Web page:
But my Hador is not one for gloating. When I told him of my thoughts on this matter, he was only glad that I might share his eagerness. Well, I would not go so far as eagerness, but surely our lives will be enriched by the grace of the Elves.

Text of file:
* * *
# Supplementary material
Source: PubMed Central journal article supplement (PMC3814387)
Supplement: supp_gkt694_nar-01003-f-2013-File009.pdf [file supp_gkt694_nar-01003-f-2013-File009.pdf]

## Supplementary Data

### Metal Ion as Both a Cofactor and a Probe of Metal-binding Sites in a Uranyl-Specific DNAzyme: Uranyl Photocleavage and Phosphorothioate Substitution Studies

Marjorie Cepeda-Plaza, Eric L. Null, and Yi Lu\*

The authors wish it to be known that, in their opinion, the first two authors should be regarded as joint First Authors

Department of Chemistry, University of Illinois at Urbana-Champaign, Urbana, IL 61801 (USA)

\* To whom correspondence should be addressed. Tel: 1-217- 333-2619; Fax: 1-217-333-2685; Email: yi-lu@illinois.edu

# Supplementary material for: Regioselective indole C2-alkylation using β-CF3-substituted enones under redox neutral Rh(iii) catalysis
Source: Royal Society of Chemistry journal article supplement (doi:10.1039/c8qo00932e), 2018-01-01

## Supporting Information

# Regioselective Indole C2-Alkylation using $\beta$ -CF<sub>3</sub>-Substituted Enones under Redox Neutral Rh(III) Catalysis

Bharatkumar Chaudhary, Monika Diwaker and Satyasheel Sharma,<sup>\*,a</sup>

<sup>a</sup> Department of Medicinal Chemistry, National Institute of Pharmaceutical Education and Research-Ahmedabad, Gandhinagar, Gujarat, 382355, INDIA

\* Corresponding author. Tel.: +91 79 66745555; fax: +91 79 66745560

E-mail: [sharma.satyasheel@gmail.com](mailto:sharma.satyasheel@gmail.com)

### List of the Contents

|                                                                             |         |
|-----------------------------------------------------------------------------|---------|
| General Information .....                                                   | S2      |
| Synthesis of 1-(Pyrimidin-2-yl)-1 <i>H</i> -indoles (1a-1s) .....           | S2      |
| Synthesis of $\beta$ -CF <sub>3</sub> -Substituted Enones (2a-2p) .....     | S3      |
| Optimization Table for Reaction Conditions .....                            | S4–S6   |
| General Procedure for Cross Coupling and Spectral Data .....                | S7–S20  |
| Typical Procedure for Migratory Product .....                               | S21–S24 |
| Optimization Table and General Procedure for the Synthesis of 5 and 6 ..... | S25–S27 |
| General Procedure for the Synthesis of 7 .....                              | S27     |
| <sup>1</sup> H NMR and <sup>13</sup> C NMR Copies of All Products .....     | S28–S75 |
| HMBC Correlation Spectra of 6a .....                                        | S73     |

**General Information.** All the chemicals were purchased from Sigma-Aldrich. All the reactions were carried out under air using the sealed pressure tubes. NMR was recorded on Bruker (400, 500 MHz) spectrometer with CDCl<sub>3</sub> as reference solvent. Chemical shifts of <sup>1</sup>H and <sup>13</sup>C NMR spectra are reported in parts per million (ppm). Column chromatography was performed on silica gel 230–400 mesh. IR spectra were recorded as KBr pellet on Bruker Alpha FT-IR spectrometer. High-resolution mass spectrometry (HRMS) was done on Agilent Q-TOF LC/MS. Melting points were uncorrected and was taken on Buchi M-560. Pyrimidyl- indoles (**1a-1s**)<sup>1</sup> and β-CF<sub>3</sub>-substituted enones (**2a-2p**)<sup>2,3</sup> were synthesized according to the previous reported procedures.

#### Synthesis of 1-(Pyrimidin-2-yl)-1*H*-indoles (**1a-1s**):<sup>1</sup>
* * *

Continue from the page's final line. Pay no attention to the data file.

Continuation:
My poor wife... It is a mercy that she is not here, though she would love the place, the people, the beautiful robes, especially this fine, no, splendid robe they gave me. It is green, the dark green of pines, with a mountain range embroidered in silver around the hem. Such charming flattery ! They made it just for me, in honour of the wedding of my son ! I shall look so grand, even Hador will stop sighing and saying "oh father !" like he does. But he should have worn the cat-skin. It has been in our family since before we came to Beleriand, it has always been worn by our chieftain, for wedlock, for mourning, and for high council. But no. "Oh father !" Well well, the robe they made for him, it is as fine as any the High King wears. I truth, I think it cut from the same cloth, that rich blue they wear, with embroidery of silver flowers, or rays of the sun, well, i do not know. My eyes are not what they were. On the hunt, all is well, but for close work... Even for this, I must stand up straight to see the feather move as it should. I do not like to admit such weakness, Hador might feel he must take up my load, but he is young, let him have his adventures here, there will be time for duty in due course. Indeed, when Gildis starts to bear children, he will find he is busy enough !